Following an Internal Open Source Model of Software Development
At Namely, we have implemented an internal open source model to improve our velocity, ship more features, and fix more bugs. We use this model in a couple of ways, the most important of which is to build microservices. We also use an open source mindset in the way most people are probably familiar with: publishing and sharing libraries. For .NET, we use an internal nuget feed (Nuget is the package management system for .NET). We also have internal Ruby gems and common Go packages used for our services. For this article I’ll be talking specifically about our .NET efforts. However, this will be broadly applicable to other languages and frameworks.
Using Internal Shared Libraries
There are a couple problematic models for writing internal shared libraries:
1. One team writes all the shared code but doesn’t ship anything that uses it. All teams use the codebase. This method often results in a codebase that doesn’t solve the problems that product teams are facing. The code is challenging to use, as it is often over genericized or deeply flawed in ways that are only obvious once you start using it.
2. Everybody theoretically owns the shared codebase, but only a few people (many times one person) actually contribute to the repo. Like a baby open source project with one maintainer, this shared code solves the problem that the owner needed to solve. But, without input from other teams, it won’t be solving their problems and will therefore not be used. This model often devolves into separate shared code bases for different teams or a shared library that doesn’t get updated in years, especially once the one person who was working on it leaves the company.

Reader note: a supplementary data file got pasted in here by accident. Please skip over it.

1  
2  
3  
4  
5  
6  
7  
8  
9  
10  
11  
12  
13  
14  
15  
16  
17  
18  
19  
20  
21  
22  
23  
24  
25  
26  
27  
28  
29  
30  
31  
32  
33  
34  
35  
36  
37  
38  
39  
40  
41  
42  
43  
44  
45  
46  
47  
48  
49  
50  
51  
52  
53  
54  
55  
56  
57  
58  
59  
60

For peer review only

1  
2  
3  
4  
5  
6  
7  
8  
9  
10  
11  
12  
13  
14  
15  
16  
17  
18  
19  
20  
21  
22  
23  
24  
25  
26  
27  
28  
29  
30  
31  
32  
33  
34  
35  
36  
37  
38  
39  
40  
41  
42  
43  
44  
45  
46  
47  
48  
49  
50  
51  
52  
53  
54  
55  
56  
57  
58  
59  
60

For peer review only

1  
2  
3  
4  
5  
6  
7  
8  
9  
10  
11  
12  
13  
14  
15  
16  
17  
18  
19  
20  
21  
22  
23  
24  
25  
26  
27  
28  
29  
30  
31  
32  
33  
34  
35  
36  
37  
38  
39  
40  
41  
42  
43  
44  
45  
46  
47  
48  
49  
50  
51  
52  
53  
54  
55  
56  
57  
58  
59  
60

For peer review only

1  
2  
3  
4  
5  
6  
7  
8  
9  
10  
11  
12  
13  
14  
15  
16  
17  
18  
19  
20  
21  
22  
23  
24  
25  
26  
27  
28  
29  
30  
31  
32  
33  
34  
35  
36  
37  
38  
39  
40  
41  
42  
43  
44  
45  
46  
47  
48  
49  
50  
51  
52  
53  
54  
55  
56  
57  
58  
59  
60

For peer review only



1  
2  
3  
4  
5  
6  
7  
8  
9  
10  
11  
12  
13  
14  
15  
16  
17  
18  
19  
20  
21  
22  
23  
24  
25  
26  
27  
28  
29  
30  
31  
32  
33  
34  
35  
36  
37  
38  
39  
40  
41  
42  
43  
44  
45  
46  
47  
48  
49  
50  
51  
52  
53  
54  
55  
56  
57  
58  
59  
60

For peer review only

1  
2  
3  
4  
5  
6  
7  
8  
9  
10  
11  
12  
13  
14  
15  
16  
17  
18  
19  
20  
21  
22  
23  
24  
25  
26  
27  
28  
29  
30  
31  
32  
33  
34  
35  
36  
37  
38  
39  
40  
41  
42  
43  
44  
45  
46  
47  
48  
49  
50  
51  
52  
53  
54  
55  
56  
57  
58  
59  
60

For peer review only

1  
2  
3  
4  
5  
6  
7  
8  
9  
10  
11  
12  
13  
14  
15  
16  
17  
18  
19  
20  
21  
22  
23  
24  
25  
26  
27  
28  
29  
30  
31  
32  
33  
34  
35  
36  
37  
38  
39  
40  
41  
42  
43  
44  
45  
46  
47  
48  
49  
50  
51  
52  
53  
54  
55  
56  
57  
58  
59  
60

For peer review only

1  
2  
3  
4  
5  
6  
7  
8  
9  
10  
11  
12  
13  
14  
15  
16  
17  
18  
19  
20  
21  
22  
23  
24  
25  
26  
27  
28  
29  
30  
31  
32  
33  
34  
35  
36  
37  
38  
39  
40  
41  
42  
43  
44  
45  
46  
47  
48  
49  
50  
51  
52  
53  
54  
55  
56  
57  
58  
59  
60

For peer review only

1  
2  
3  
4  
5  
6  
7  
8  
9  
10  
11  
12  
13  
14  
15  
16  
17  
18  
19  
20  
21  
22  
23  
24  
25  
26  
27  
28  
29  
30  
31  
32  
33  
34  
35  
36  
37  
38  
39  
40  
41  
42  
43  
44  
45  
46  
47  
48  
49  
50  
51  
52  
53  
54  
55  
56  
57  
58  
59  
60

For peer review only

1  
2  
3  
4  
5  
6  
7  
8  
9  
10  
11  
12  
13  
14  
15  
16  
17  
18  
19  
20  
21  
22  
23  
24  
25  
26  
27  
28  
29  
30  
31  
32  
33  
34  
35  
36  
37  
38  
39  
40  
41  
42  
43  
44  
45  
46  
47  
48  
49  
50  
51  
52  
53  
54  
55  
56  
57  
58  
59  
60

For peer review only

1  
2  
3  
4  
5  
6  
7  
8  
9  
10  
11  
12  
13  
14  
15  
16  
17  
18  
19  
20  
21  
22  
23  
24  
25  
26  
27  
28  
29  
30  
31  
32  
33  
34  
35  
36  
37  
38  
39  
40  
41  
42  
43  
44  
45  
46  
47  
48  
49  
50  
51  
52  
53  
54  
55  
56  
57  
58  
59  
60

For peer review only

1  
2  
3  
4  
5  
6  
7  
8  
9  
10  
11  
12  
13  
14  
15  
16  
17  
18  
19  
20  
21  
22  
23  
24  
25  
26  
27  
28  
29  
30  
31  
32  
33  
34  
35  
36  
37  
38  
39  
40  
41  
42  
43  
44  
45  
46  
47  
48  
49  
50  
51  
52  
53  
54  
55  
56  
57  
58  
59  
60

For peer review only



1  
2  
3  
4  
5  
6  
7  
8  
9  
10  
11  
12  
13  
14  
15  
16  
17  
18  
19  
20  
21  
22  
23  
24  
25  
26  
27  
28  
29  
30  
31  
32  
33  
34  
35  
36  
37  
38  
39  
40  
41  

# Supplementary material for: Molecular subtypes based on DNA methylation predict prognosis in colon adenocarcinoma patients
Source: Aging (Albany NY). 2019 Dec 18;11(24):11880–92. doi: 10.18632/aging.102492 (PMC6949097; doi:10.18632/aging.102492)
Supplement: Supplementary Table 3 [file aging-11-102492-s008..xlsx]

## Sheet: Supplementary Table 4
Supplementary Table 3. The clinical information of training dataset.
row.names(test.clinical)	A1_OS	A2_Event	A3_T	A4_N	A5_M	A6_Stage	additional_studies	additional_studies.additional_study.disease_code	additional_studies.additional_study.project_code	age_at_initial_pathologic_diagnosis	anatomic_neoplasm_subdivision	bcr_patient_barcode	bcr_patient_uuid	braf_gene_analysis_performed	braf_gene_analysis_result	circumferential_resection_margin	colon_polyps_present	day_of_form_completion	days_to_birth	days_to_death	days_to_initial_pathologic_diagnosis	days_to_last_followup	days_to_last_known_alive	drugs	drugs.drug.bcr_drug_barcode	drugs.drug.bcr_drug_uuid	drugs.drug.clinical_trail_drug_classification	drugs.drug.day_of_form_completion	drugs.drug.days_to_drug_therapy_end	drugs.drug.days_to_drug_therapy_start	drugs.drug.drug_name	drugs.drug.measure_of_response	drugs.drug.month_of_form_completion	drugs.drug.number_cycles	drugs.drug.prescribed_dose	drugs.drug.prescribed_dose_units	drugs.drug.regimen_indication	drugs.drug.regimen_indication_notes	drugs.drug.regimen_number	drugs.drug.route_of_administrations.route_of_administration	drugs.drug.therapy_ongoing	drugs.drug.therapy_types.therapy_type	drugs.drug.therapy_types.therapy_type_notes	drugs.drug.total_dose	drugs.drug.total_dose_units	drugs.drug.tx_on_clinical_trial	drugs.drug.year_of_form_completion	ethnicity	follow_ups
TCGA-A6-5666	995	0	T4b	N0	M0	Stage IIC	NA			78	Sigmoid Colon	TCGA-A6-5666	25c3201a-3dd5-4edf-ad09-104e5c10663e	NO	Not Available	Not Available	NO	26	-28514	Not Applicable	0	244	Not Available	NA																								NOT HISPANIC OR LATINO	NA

We started our shared library with the second model above, and in fact, we started multiple separate repos for shared libraries. We eventually realized that the libraries weren’t being contributed to by enough developers, and as a consequence, they weren’t as useful as they could and should be. Furthermore, new versions of the libraries were difficult to push because developers had to package and push to our internal nuget from their local machines. We felt it was vital to fix these problems, and we looked at how successful open source projects operate. We felt by adopting some of their practices, we could make the library better and increase adoption across the organization.
We consolidated the libraries into one repo with an easy CI/CD process for deployment. Perhaps unintuitively, we also made it harder to get a PR merged — we added the requirement for a second reviewer and instituted a soft policy of requiring at least one reviewer from another team. We also adopted a process to drive code quality by strictly adhering to Semantic Versioning of new releases. This means we require new large features to go through a pre-release/review/iteration cycle where other teams actually use the feature and provide meaningful feedback on its use before we merge it to master.
That sounds like a lot of process — and it is. The point is to make sure our shared code is well tested, understood by other teams, and has appropriate extensibility points. Because it is a lengthy process, we typically only do this for larger features. When writing bug fixes or smaller features, a developer will submit a PR directly to master and deploy once merged. We still require sufficient test coverage and multiple code reviews, but nothing else. The point is to get code to our colleagues that is well thought out and tested, not to tick some boxes for the sake of process!